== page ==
Bellingham's downtown plan proposes changes to parking, drive-throughs


downtown Bellingham

City staff want to make entryways leading into downtown Bellingham - such as this intersection at of East Holly Street and North State Street - more pedestrian-friendly, with fewer drive-through businesses.


BELLINGHAM - City officials developed a downtown plan in a way that got the public involved from the beginning. The plan addresses building design, the parking crunch and pedestrian appeal. Proposals include higher parking rates and no more espresso stands in the downtown or areas near it.

So far, city Planning Commission meetings on the plan have been quiet and sparsely attended. City officials and their partners say that means the public has already been served by the early stages of the planning process, which began in 2011 and was branded as "myDowntown."

"People feel that their input has been heard and for the most part is consistent with the plan that has been drafted," said Patrick Hurley, executive director of the Downtown Bellingham Partnership, at a March 27 public hearing in front of the commission. "It is our sense that the public's eagerness to provide input and tinker with the plan has transitioned into an eagerness to begin implementation."

The commission shows no intention of shredding the plan and starting over, but it might do some of its own tinkering. After making recommendations, the commission will forward the proposal to the City Council for adoption.

At a meeting Thursday, April 3, some commissioners said city staff should have taken the opportunity to propose changes to the downtown's building design standards.

City planner Chris Koch said downtown developers often play it safe by submitting designs that were approved in the past. Planning Commissioner Jeff Brown said changes to the standards that encourage architectural experimentation could make "the difference between a provincial little city and a place that's really going forward."

Planners insisted the standards left plenty of room for creativity, but commissioners said that message wasn't coming across to developers.

"If Frank Lloyd Wright came through here in the '60s and saw your design review, what would happen?" Brown asked.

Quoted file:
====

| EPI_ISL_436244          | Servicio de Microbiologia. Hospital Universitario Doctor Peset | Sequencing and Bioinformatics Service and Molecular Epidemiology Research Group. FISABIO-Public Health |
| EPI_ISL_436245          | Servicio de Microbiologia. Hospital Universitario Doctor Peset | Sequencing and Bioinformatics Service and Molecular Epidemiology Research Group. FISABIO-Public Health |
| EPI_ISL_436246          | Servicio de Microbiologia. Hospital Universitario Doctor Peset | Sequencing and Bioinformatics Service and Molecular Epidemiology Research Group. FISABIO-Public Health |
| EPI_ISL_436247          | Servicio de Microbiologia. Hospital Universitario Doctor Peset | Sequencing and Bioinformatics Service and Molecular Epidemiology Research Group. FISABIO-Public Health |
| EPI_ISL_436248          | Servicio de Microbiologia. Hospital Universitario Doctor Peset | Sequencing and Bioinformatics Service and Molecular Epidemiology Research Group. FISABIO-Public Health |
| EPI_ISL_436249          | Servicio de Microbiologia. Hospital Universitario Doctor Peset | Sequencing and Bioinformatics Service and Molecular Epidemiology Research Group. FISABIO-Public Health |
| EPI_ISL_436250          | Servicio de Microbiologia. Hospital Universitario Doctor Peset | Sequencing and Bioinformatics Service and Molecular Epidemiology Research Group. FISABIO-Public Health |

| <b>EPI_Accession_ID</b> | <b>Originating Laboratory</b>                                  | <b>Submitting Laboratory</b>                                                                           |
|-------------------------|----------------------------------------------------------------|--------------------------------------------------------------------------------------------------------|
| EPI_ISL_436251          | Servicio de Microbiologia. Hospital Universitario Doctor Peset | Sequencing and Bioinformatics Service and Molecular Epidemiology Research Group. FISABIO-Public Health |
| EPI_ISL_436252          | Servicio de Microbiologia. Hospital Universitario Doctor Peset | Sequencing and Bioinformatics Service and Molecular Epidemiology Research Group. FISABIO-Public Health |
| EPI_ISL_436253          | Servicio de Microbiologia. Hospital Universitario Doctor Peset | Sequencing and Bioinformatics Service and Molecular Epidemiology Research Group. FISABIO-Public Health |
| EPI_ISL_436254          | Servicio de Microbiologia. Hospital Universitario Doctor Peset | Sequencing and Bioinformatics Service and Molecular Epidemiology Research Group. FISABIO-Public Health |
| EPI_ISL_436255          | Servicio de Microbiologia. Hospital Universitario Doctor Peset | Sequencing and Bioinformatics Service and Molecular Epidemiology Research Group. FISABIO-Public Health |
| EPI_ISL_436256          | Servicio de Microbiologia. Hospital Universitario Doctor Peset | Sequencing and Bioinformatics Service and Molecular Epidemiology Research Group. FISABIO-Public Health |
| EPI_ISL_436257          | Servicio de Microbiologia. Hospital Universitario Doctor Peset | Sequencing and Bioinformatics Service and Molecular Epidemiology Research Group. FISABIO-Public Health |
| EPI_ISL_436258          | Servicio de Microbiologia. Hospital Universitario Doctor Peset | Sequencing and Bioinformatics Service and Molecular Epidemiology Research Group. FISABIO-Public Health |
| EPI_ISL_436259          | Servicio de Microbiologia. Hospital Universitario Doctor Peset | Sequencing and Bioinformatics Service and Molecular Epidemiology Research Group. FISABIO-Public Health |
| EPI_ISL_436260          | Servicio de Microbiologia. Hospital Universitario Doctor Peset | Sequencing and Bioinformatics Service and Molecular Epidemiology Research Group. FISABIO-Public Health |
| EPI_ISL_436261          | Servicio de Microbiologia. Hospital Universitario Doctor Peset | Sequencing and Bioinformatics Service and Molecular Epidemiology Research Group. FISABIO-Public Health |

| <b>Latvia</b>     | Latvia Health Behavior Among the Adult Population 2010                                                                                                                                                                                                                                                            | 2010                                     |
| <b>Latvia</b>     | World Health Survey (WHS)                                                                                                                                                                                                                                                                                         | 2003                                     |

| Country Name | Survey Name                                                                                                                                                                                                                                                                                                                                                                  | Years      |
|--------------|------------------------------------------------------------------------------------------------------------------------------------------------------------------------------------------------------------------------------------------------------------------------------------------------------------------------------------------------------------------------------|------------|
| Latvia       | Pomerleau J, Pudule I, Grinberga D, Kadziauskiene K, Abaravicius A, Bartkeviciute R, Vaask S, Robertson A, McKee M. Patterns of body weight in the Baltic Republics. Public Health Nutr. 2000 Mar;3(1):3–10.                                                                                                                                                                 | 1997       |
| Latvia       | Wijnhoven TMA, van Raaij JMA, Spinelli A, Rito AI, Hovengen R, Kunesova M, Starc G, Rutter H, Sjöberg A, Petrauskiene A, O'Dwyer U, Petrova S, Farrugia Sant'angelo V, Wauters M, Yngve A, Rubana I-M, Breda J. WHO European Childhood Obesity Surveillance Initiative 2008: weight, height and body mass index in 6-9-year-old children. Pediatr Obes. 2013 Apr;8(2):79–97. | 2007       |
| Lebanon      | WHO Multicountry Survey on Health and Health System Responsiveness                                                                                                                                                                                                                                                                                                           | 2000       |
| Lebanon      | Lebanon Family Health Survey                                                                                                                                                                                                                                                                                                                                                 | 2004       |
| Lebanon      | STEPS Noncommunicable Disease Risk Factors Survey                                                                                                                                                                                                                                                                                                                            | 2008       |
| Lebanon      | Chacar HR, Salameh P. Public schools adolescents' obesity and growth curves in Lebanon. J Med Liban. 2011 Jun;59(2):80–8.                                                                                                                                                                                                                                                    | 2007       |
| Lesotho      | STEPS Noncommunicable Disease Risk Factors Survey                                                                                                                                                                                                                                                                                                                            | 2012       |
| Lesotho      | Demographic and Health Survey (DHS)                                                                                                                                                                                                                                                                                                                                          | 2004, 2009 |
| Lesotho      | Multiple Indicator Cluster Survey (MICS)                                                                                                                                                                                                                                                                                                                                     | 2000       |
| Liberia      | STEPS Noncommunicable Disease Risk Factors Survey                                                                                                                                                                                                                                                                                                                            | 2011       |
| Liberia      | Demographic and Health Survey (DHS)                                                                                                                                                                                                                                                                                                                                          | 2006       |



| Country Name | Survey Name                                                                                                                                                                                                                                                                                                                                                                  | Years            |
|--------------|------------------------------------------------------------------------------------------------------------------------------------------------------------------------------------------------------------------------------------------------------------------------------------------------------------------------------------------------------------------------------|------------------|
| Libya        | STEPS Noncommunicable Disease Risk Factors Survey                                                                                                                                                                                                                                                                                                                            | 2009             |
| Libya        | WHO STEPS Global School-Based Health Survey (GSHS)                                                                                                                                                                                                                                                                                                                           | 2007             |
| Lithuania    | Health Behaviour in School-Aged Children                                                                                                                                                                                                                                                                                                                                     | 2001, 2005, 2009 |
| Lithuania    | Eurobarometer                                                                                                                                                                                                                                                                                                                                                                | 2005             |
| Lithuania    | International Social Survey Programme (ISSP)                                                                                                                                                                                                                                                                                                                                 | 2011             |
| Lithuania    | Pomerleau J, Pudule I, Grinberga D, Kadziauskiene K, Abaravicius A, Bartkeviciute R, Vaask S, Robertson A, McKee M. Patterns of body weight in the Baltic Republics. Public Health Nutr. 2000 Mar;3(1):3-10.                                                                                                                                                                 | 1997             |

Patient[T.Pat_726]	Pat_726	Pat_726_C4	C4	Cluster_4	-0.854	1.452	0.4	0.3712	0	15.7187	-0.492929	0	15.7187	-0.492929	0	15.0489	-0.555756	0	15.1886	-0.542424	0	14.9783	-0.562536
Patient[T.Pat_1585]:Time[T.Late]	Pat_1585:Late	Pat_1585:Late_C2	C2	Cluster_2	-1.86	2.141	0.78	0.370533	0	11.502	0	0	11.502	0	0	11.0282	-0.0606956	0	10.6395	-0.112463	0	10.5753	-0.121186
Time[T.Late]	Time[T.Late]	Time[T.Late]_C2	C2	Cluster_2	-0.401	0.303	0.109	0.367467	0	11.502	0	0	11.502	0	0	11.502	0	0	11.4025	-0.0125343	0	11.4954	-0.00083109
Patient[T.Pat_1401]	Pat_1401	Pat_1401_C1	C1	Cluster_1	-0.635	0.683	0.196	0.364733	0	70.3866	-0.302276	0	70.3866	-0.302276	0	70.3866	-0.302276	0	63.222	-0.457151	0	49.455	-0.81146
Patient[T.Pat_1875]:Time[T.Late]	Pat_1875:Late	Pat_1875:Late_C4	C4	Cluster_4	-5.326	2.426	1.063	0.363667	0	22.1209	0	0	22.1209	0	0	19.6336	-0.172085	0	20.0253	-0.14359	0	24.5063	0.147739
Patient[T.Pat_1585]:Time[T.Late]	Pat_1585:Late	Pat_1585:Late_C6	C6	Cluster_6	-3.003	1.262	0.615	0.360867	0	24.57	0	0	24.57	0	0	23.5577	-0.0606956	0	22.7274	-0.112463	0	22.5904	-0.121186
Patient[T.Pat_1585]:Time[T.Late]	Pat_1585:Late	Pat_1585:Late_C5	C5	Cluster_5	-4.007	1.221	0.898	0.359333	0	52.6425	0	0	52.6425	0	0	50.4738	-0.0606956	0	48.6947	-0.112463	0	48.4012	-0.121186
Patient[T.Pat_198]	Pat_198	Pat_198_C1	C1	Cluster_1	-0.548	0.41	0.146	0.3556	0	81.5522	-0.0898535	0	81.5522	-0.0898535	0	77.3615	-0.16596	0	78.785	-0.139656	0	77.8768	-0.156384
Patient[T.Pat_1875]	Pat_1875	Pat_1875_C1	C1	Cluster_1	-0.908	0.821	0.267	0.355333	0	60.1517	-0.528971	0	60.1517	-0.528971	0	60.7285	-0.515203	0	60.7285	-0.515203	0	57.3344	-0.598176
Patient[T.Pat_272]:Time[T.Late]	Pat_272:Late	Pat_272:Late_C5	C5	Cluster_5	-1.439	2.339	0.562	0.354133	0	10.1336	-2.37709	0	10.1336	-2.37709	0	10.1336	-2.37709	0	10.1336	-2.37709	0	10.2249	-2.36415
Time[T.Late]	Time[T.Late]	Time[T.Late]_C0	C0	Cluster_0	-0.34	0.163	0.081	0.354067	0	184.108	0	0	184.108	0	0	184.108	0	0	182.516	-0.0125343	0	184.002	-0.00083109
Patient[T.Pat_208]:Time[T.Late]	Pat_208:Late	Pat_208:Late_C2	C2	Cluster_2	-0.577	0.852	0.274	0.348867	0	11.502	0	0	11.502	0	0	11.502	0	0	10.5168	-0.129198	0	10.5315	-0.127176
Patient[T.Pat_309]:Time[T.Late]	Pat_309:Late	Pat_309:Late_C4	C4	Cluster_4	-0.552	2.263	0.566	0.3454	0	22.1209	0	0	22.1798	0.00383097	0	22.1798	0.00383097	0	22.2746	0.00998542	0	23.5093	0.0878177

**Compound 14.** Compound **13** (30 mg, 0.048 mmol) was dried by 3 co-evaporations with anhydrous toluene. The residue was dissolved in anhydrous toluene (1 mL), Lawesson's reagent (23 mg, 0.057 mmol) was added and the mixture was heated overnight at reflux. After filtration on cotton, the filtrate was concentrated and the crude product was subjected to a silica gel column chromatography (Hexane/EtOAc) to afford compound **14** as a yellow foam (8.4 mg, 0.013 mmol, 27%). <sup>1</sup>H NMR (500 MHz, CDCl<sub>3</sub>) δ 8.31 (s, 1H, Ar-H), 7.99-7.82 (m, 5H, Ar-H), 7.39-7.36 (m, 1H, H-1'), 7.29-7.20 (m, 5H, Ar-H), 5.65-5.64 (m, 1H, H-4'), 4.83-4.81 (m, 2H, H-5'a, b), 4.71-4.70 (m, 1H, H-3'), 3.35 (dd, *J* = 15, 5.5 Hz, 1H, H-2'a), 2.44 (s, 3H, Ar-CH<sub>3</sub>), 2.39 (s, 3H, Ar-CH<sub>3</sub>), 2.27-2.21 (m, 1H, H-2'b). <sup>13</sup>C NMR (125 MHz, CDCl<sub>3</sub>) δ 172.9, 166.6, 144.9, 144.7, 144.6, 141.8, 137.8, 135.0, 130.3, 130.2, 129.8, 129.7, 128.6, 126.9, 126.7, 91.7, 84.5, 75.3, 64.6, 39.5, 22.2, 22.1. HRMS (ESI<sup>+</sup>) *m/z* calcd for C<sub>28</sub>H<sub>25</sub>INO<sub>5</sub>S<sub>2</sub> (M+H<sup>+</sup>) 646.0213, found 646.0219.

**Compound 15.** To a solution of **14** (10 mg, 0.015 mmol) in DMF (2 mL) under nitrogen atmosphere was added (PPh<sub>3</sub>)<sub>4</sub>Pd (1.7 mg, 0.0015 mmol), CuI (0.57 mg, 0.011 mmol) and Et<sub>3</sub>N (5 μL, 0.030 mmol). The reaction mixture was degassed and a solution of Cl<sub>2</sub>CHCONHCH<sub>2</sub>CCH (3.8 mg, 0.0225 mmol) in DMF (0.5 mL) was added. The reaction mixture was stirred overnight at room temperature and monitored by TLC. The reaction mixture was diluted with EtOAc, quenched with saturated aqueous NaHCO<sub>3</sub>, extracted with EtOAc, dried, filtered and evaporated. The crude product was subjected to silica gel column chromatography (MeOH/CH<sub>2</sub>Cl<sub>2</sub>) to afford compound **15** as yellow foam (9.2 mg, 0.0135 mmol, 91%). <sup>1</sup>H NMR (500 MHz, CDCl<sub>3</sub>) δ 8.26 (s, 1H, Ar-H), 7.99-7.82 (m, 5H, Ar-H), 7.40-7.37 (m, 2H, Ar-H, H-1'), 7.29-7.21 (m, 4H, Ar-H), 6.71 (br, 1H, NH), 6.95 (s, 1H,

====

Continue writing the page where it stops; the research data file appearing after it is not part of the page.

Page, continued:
Another issue is parking. Some "hot spots" downtown are almost full at certain times, senior planner Darby Cowles told the commission on March 27. The Parkade, meanwhile, is underused.

Cowles indicated the Parkade suffers from an image problem. Consultants have begun working with city staff to propose a redesign.

The structure's name itself is suspect, Cowles said. She has taken to calling it the Commercial Avenue Parking Garage.

"No one knows what a Parkade is," Cowles said.

As for those hot spots, staff proposed raising parking rates in those places. The idea rankled one planning commissioner.

"You're going to take those areas and raise the parking prices, when we want more people to come downtown?" commissioner Steve Crooks said. "It sounds like you're trying to soak people."

Some of the parking pressure might be relieved if another of the plan's goals is met. City staff want to make not only the downtown but the entryways leading into it - State Street, Holly Street and Grand Avenue by the County Courthouse - more pedestrian-friendly. One proposal is to prohibit new espresso stands, banks and other businesses with drive-throughs. The thinking is that drive-throughs impede pedestrian flow.

The extent of the drive-through ban took several commissioners by surprise, and they weren't sure they liked it.

"There's going to be a lot of auto use in that surrounding area," Brown said.

The next commission meeting on the downtown plan is at 7 p.m. April 17 at City Hall, 210 Lottie St. Commissioners will discuss crime and parking, along with a proposal to make downtown a national historic district.

Reach Ralph Schwartz at 360-715-2289 or Read his Politics blog at or get updates on Twitter at @bhampolitics.

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